system map, and uncomment the INSTALL_PATH= line in
   /usr/src/linux/Makefile to reflect this location (you don't want to
   overwrite your running kernel!). Also, edit /sbin/installkernel in the
   same way.
  # make dep;make clean;make bzImage install

   Copy vmlinuz-2.2.xx-yy and System.map-2.2.xx-yy from your temporary
   directory to /boot on the firewall, being sure to first move any
   existing files by the same name. Login to the firewall, change
   directory to /boot, and link vmlinuz and System.map to the new files.
   Edit /etc/lilo.conf adding a new image section:

   Run LILO and lilo -D firewall make the new kernel the default, and
   reboot the firewall system.
  Set up the Bridge
   Log in to the firewall system. Assuming you used eth0 as your primary
   interface, ifconfig -a should show what you see in Listing 1 (of
   course, the MAC addresses will be different).
   Listing 1. Results of ifconfig -a
   To get bridging to work, you need the brcfg application. The source
   code for this application is available from Matthew Grant of the Linux
   Router Project at http://lrp.plain.co.nz/tarballs/bridgex_0.30.tar.gz.
   Compile the binary on a system with the same kernel version as the
   firewall, and copy it to /usr/sbin/brcfg on the firewall system. The
   following commands should then get the bridge up and running:
# ifconfig eth1 promisc up
# ifconfig eth2 promisc up
# brcfg start
# brcfg device eth1 enable
# brcfg device eth2 enable

   After the few minutes it takes for the bridge to learn what addresses
   are on either side, you should be able to pass packets across the
   eth1<-&rt;eth2 bridge transparently.
  Firewall Configuration
   The firewall itself is implemented using the ipchains package. The
   kernel patch above adds a new built-in chain (bridgein) to the
   standard chains, which examines any packets seen on either of the
   bridge interfaces. Since this is an input chain, each rule must
   specify the interface--packets are matched according to which
   interface they see first. The default policy for each chain is set to
   ACCEPT, rules are added to the bridgein chain to implement the access
   policy, and a final DENY rule is added to catch anything not
   explicitly allowed.
   The access policy for the firewall is designed around network topology
   (see Figure 1).
   Alternate Text
   The salient features of this design are:
   All public servers (HTTPD, FTP, SMTP, SSH) are located outside the
       All traffic from the Internet destined for internal machines must
       pass through the firewall.
       In general, traffic originating on the protected LAN and destined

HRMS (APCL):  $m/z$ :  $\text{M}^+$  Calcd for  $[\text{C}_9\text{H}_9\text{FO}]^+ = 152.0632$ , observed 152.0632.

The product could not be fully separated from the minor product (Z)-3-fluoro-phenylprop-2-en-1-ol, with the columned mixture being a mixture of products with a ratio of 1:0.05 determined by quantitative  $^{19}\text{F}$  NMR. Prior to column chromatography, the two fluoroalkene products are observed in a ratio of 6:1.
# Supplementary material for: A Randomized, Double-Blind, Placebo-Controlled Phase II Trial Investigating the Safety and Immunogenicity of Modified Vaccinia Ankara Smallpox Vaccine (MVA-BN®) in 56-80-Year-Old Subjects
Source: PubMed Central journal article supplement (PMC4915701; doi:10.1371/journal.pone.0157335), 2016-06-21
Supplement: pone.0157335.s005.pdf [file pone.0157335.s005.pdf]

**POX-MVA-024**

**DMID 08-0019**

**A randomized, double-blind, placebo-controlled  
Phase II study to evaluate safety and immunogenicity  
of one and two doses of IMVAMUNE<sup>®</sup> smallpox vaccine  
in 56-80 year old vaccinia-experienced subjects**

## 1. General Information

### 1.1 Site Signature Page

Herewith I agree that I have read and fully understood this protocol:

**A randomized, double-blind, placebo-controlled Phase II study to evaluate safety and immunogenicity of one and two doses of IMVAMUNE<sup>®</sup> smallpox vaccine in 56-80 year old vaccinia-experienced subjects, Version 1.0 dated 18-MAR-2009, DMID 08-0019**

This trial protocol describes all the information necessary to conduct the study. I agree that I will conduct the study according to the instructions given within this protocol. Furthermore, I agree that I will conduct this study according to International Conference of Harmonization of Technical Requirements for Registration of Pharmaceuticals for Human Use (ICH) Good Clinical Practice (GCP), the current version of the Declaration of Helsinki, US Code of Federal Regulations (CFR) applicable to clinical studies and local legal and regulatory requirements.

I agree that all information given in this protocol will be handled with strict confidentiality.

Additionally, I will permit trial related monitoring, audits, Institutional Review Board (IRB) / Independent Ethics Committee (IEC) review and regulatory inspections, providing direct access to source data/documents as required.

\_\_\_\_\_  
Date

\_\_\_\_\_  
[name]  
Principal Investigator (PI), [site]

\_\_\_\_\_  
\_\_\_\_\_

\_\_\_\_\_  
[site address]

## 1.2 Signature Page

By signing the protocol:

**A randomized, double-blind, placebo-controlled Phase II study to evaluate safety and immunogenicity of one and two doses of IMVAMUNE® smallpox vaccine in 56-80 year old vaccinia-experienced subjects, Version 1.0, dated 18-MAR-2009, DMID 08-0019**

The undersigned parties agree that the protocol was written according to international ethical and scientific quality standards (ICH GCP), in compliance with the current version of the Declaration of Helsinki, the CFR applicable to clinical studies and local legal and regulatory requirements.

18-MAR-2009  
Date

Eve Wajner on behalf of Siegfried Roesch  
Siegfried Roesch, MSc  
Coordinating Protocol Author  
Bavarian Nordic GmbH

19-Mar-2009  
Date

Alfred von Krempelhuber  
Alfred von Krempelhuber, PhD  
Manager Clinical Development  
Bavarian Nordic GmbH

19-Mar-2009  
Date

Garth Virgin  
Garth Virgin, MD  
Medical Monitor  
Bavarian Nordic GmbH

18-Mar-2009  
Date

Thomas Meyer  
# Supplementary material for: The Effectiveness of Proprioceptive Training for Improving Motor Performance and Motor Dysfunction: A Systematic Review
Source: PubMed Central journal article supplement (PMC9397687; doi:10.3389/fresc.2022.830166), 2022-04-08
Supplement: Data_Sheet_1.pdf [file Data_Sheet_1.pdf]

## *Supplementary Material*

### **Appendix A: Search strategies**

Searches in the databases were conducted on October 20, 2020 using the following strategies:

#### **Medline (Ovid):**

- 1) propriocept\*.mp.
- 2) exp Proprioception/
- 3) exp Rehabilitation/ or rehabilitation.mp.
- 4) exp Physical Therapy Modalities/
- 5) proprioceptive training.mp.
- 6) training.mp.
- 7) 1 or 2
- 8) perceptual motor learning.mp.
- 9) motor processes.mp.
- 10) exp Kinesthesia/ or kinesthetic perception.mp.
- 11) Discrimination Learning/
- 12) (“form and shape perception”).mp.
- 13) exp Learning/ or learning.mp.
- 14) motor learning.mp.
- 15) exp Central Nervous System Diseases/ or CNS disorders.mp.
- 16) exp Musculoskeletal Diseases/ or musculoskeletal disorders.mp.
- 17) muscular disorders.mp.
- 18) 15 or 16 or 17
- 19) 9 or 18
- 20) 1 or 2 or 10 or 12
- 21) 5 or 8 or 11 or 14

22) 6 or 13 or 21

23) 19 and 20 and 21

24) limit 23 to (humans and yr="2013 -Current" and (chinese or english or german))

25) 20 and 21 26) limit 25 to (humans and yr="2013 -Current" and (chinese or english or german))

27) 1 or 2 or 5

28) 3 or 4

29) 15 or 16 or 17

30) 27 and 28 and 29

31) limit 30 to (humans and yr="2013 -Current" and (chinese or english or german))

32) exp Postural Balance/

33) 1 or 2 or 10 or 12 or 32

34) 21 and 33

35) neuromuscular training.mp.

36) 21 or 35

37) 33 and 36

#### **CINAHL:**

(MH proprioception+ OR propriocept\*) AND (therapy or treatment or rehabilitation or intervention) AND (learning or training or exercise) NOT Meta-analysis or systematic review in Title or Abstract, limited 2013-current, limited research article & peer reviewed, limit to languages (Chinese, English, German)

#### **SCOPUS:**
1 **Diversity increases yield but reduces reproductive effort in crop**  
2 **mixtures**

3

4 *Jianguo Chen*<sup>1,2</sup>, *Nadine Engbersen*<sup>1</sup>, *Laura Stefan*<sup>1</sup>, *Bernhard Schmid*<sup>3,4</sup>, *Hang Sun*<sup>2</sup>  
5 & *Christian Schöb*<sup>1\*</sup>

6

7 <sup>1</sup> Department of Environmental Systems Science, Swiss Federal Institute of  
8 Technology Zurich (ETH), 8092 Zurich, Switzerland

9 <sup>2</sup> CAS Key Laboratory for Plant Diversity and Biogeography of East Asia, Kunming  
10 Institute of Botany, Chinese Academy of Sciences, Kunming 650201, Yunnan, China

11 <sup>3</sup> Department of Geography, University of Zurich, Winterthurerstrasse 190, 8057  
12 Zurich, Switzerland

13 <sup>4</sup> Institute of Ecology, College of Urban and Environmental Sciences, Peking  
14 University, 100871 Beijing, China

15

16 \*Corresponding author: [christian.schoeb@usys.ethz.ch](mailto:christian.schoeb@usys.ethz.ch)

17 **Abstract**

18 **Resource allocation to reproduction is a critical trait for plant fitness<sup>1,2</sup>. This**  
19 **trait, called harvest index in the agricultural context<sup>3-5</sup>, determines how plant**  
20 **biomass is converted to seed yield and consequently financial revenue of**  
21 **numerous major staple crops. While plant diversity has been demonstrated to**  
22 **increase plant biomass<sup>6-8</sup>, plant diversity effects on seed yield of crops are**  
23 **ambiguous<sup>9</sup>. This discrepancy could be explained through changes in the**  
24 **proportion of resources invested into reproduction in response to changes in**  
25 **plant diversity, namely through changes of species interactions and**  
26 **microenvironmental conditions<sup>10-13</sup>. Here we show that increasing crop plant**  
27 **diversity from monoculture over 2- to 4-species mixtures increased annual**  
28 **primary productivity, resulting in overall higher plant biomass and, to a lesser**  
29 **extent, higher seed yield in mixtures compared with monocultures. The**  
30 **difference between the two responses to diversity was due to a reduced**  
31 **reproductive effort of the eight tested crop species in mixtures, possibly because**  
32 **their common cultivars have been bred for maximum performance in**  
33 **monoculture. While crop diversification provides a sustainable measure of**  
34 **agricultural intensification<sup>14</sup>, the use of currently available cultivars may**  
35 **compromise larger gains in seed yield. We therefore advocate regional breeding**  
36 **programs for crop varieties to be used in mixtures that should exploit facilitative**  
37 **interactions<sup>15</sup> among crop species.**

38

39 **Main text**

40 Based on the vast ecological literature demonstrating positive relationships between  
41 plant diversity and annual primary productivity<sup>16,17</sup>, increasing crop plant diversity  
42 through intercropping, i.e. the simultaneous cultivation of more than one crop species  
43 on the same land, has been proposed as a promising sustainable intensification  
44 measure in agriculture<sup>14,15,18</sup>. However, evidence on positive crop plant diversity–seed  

for the public servers is unrestricted.
       Traffic originating on the protected LAN and destined for the
       Internet is generally allowed.
       Traffic originating on the public servers and destined for the
       protected LAN is restricted to those services which are actually
       needed by the public servers (NFS exports to the LAN, SMTP from
       the public SMTP server to an internal mail hub, SSH from the SSH
       server to internal hosts).
       Traffic originating from the Internet and destined for internal
       systems is generally blocked. Packets are allowed if they are (a)
       destined for an unprivileged port or a well-known server and (b)
       not initiating a connection (TCP SYN flag not set).
   Listing 2 is an annotated script to set up the bridging firewall in
   accordance with these policies.
   Listing 2. Annotated Script for Bridging Firewall Setup
   For more information on ipchains and writing rules, see the man page
   and/or the IPCHAINS HOWTO at
  Other Tools
   A useful addition to the firewall system is the snort intrusion
   detection system (IDS) suite of programs. Snort is a set of packet
   filtering rules designed to detect the majority of network intrusion
   methods which are commonly seen. A large community of developers and
   analysts is continually updating the rulesets as new attack methods
   are discovered. Snort can be configured to send its alerts to a
   logfile, syslog or via e-mail or pager to administrators. It can even
   be configured to add ipchains blocking rules in response to a detected
   intrusion attempt--although this feature should only be used if you
   are sure you can weed out false-positive hits. Snort, along with
   various contributed scripts for presenting the log output in readable
   form, is available at http://www.snort.org.
   Gfcc is a nice Gtk+-based GUI for viewing and modifying your firewall
   rules. It can be found at http://icarus.autostock.co.kr/.
  Boot Configuration
   The bridge and firewall should be started immediately after
   networking. The script in Listing 3 starts the firewall, sets up and
   starts the bridge, then starts snort. It assumes the firewall script
   is in /etc/firewall, and should be installed in
   /etc/rc.d/init.d/bridge. After installing the script, run chkconfig
   bridge on to install the proper runlevel links.
   Listing 3. Script for Starting the Firewall
   A filtering bridge is useful in a number of situations. It is a quick
   and easy way to add a firewall to an existing LAN without having to
   change any IP addresses or use NAT. It can also be used to create
   protected or restricted subnets on a LAN. For example, if you have
   frequent visitors who need Internet access, you can put them behind a
   bridging firewall configured to allow them access to the Internet, but
   not to any hosts on your LAN. It can be used to protect a DSL or cable
   modem connection. Since the bridge interfaces do not run an IP
   protocol stack, they are immune from many of the common intrusion and
   denial-of-service attacks.
   Henry Stilmack has been a UNIX system administrator for over 10 years.
   He lives in Hawaii with a spouse, two dogs, four cats and uncountable
   geckos. He can be contacted at hps@shangri-la.cx.
   Copyright 2001 Specialized Systems Consultants, Inc.